The Impact of Turbine Design Limitations on Wind Energy Adoption

published Jun 24, 2021
2 min read

Impact of Turbine Design

As the world’s governments begin implementing eco-conscious legislation focused on reducing carbon emissions, alternative energy sources have moved into the spotlight. Wind energy is one of the most renewable sources, but how sustainable is it?

BP’s Statistical Review of World Energy reveals that wind energy adoption in the United States increased by a mind-boggling 33,606% between 1996 to 2019. This increased demand has laid bare issues involving wind energy infrastructure, particularly turbine design, that the industry is rushing to solve.

Here are three of the most important issues with existing wind turbines holding back mass adoption and possible solutions to them.

Range of Motion is Limited

Traditional wind energy turbines are rotational and come equipped with long blades connected to large generators. While the idea of constructing a windmill to capture wind energy is intuitive, it isn’t the most efficient design.

For starters, the presence of a large generator and long blades mean noise is an issue. This explains why most wind energy farms are located in rural areas where they’re unlikely to reduce people’s quality of life. While the isolated nature of these farms allows companies to install multiple generators on the same site, it creates a bigger issue.

To transport the energy generated, companies rely on existing power distribution infrastructure. These cables and systems have been designed to transport power from sources that are relatively close to the consumer.

With wind energy, this isn’t the case. For instance, transporting wind energy generated in California to the East Coast is unfeasible due to the power losses occurring over long distances.

Installing turbines in urban areas is unfeasible due to the space they need and the noise they generate.

A possible solution to this issue is to design turbines with a linear, vertical range of motion, such as Sirocco Energy’s wind turbines. Their vertical nature results in less space needed to install them, and their aerodynamic design is more in line with nature since they model the way a bird’s wings function. Most importantly, they can be installed in urban areas, near the final consumption site, resulting in less dependency on power transmission.

Low-Efficiency Blades

In general, a wind turbine’s long blades are designed to be as aerodynamically efficient as possible and react to the lowest wind speeds possible. However, in practice, they tend to be less than efficient. Typically, efficiency rates of 30-45% are average in the wind turbine design world.

A reason for such low-efficiency rates is the length of the blades which means wind speeds at different points of the blade differ. The result is that less than one-third of the blade’s surface area is useful when capturing wind speed.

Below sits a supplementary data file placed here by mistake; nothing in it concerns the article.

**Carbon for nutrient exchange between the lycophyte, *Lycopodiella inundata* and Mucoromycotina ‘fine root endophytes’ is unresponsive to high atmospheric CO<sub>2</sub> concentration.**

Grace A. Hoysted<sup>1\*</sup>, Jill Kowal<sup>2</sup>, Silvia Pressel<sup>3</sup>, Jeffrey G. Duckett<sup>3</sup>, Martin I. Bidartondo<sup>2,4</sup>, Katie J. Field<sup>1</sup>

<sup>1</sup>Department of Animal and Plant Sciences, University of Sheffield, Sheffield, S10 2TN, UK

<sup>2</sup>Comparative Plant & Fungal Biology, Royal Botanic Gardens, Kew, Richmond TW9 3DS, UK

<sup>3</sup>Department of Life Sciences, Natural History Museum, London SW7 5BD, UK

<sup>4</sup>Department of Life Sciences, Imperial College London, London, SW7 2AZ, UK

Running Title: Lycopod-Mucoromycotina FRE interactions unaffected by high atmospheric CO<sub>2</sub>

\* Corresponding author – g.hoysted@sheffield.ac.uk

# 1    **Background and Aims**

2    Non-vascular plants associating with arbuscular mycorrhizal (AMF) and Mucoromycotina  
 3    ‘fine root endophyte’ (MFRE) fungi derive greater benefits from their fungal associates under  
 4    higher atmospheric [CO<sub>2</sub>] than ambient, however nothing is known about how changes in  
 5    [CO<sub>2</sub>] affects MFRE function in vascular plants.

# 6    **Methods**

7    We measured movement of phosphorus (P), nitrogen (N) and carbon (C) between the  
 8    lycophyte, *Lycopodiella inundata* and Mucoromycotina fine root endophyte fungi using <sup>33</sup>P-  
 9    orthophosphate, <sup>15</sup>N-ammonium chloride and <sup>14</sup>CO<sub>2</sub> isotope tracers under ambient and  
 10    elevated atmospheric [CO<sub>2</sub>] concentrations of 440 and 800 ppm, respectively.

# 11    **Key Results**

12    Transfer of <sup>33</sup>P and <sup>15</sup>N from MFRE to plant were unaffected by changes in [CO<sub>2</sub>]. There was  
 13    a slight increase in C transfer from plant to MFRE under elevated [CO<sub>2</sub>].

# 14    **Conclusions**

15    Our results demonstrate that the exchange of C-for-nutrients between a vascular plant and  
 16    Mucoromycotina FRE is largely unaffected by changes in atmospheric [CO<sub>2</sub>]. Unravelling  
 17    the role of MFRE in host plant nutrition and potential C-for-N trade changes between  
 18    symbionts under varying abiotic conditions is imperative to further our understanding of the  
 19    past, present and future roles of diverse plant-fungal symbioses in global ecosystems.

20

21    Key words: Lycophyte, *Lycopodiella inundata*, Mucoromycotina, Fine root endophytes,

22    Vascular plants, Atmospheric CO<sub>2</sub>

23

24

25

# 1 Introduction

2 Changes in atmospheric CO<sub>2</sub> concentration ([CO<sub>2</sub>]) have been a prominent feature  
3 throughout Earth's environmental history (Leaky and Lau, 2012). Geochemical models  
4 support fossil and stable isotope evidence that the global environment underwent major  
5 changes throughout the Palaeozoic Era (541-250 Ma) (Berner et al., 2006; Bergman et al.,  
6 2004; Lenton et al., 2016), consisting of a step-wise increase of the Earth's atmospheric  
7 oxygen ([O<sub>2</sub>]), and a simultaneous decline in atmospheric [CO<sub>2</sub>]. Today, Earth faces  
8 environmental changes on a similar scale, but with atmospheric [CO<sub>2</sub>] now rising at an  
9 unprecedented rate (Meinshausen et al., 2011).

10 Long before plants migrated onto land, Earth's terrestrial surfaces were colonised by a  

Traditional turbines offer wind cut-in speeds of 3.5-4 m/s, which is great at delivering desired outputs. However, the rotation of the turbine’s blades brings turbulence which affects efficiency.

Sirocco Energy’s linear turbine designs have proved to work at 50% efficiency rates with cut-in speeds of 3 m/s with far less turbulence.

A result of this design is that noise is minimized. WHO released the Environmental Noise Guidelines for the European Region in 2018 which conditionally recommends reducing outdoor noise levels produced by wind turbines to which people are exposed to below an Lden of 45 dB(A). Sirocco’s wind turbine design generates just 41 dB of noise, which is comparable to that of a refrigerator.
With more of the turbine’s blades being used and more wind captured, vertical turbines are a great way to overcome the inefficiency issues that currently plague the industry.

Costly Maintenance

Increased efficiency results in not just greater power being delivered, it also leads to a reduction in maintenance expenses. A vertical turbine design uses several smaller generators instead of the traditional, single large one.

While the number of components is greater than with a traditional turbine, most of these components are repetitive, which means producing them is straightforward. For instance, the turbine’s blades are greater in number but all of them can be produced via a standardized extrusion process.

Having a larger number of generators function asynchronously results in individual vibrations canceling each other out. Sirocco Energy’s wind turbines have four or five small generators, as opposed to one large one, so the structure as a whole vibrates less compared to a rotational design which minimizes mechanical wear and tear. The larger number of blades also ensures greater balance in the overall structure.

Another large advantage of using more generators is that there isn’t any need for a reduction gear to equalize the load from the turbine’s shaft to the generator. Reduction gears are great technology, but they tend to be expensive to maintain.

The result is that a vertical design is cheaper to install and maintain. They’re perfect for industrial use as a result and can be installed in bulk thanks to the low space requirements they have.

New Boundaries

Vertical wind turbine designs have the potential to open new markets to wind energy. Thanks to the aesthetic design and efficiency, using them in urban areas or EV recharging stations is easy.

Factor in low maintenance costs, and it becomes clear that the future of wind energy generation lies in developing more vertical designs instead of relying on older rotational ones.